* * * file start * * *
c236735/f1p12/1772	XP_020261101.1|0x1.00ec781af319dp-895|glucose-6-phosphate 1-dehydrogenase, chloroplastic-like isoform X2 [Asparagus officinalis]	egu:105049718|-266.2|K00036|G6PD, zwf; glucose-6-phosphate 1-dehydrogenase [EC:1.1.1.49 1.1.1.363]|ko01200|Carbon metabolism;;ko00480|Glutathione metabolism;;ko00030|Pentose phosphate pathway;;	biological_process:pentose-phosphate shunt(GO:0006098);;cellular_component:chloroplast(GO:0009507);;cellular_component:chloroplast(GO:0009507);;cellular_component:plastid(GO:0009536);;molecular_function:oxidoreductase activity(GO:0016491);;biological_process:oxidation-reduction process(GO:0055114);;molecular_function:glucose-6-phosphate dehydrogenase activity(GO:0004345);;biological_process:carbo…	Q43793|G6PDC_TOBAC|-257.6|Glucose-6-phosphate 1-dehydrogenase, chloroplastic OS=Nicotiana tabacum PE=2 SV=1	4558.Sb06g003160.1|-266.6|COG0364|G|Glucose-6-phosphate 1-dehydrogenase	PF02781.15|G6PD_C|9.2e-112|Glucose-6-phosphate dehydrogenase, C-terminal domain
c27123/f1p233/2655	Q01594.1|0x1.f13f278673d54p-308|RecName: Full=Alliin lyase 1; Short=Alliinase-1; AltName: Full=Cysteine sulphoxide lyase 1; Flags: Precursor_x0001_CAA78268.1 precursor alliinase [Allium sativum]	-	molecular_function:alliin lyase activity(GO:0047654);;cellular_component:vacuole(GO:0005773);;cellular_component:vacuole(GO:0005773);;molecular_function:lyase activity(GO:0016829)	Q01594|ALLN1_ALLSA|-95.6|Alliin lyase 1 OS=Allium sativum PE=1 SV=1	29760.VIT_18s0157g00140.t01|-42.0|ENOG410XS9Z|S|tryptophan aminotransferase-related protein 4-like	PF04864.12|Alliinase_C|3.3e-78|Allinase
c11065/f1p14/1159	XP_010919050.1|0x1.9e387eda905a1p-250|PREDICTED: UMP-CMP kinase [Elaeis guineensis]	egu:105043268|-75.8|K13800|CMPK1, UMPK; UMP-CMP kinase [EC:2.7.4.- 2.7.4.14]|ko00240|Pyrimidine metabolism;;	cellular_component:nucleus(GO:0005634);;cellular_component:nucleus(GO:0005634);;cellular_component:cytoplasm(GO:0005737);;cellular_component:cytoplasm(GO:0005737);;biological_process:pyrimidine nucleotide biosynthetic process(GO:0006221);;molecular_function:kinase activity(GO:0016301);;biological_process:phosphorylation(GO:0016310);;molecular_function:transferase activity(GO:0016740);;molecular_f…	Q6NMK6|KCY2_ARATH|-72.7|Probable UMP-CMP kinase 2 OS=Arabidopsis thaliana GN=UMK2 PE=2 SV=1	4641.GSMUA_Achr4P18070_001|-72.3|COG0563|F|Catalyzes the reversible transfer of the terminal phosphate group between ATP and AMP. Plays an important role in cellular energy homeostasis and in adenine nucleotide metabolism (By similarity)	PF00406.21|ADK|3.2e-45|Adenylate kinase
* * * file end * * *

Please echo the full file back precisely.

c236735/f1p12/1772	XP_020261101.1|0x1.00ec781af319dp-895|glucose-6-phosphate 1-dehydrogenase, chloroplastic-like isoform X2 [Asparagus officinalis]	egu:105049718|-266.2|K00036|G6PD, zwf; glucose-6-phosphate 1-dehydrogenase [EC:1.1.1.49 1.1.1.363]|ko01200|Carbon metabolism;;ko00480|Glutathione metabolism;;ko00030|Pentose phosphate pathway;;	biological_process:pentose-phosphate shunt(GO:0006098);;cellular_component:chloroplast(GO:0009507);;cellular_component:chloroplast(GO:0009507);;cellular_component:plastid(GO:0009536);;molecular_function:oxidoreductase activity(GO:0016491);;biological_process:oxidation-reduction process(GO:0055114);;molecular_function:glucose-6-phosphate dehydrogenase activity(GO:0004345);;biological_process:carbo…	Q43793|G6PDC_TOBAC|-257.6|Glucose-6-phosphate 1-dehydrogenase, chloroplastic OS=Nicotiana tabacum PE=2 SV=1	4558.Sb06g003160.1|-266.6|COG0364|G|Glucose-6-phosphate 1-dehydrogenase	PF02781.15|G6PD_C|9.2e-112|Glucose-6-phosphate dehydrogenase, C-terminal domain
c27123/f1p233/2655	Q01594.1|0x1.f13f278673d54p-308|RecName: Full=Alliin lyase 1; Short=Alliinase-1; AltName: Full=Cysteine sulphoxide lyase 1; Flags: Precursor_x0001_CAA78268.1 precursor alliinase [Allium sativum]	-	molecular_function:alliin lyase activity(GO:0047654);;cellular_component:vacuole(GO:0005773);;cellular_component:vacuole(GO:0005773);;molecular_function:lyase activity(GO:0016829)	Q01594|ALLN1_ALLSA|-95.6|Alliin lyase 1 OS=Allium sativum PE=1 SV=1	29760.VIT_18s0157g00140.t01|-42.0|ENOG410XS9Z|S|tryptophan aminotransferase-related protein 4-like	PF04864.12|Alliinase_C|3.3e-78|Allinase
c11065/f1p14/1159	XP_010919050.1|0x1.9e387eda905a1p-250|PREDICTED: UMP-CMP kinase [Elaeis guineensis]	egu:105043268|-75.8|K13800|CMPK1, UMPK; UMP-CMP kinase [EC:2.7.4.- 2.7.4.14]|ko00240|Pyrimidine metabolism;;	cellular_component:nucleus(GO:0005634);;cellular_component:nucleus(GO:0005634);;cellular_component:cytoplasm(GO:0005737);;cellular_component:cytoplasm(GO:0005737);;biological_process:pyrimidine nucleotide biosynthetic process(GO:0006221);;molecular_function:kinase activity(GO:0016301);;biological_process:phosphorylation(GO:0016310);;molecular_function:transferase activity(GO:0016740);;molecular_f…	Q6NMK6|KCY2_ARATH|-72.7|Probable UMP-CMP kinase 2 OS=Arabidopsis thaliana GN=UMK2 PE=2 SV=1	4641.GSMUA_Achr4P18070_001|-72.3|COG0563|F|Catalyzes the reversible transfer of the terminal phosphate group between ATP and AMP. Plays an important role in cellular energy homeostasis and in adenine nucleotide metabolism (By similarity)	PF00406.21|ADK|3.2e-45|Adenylate kinase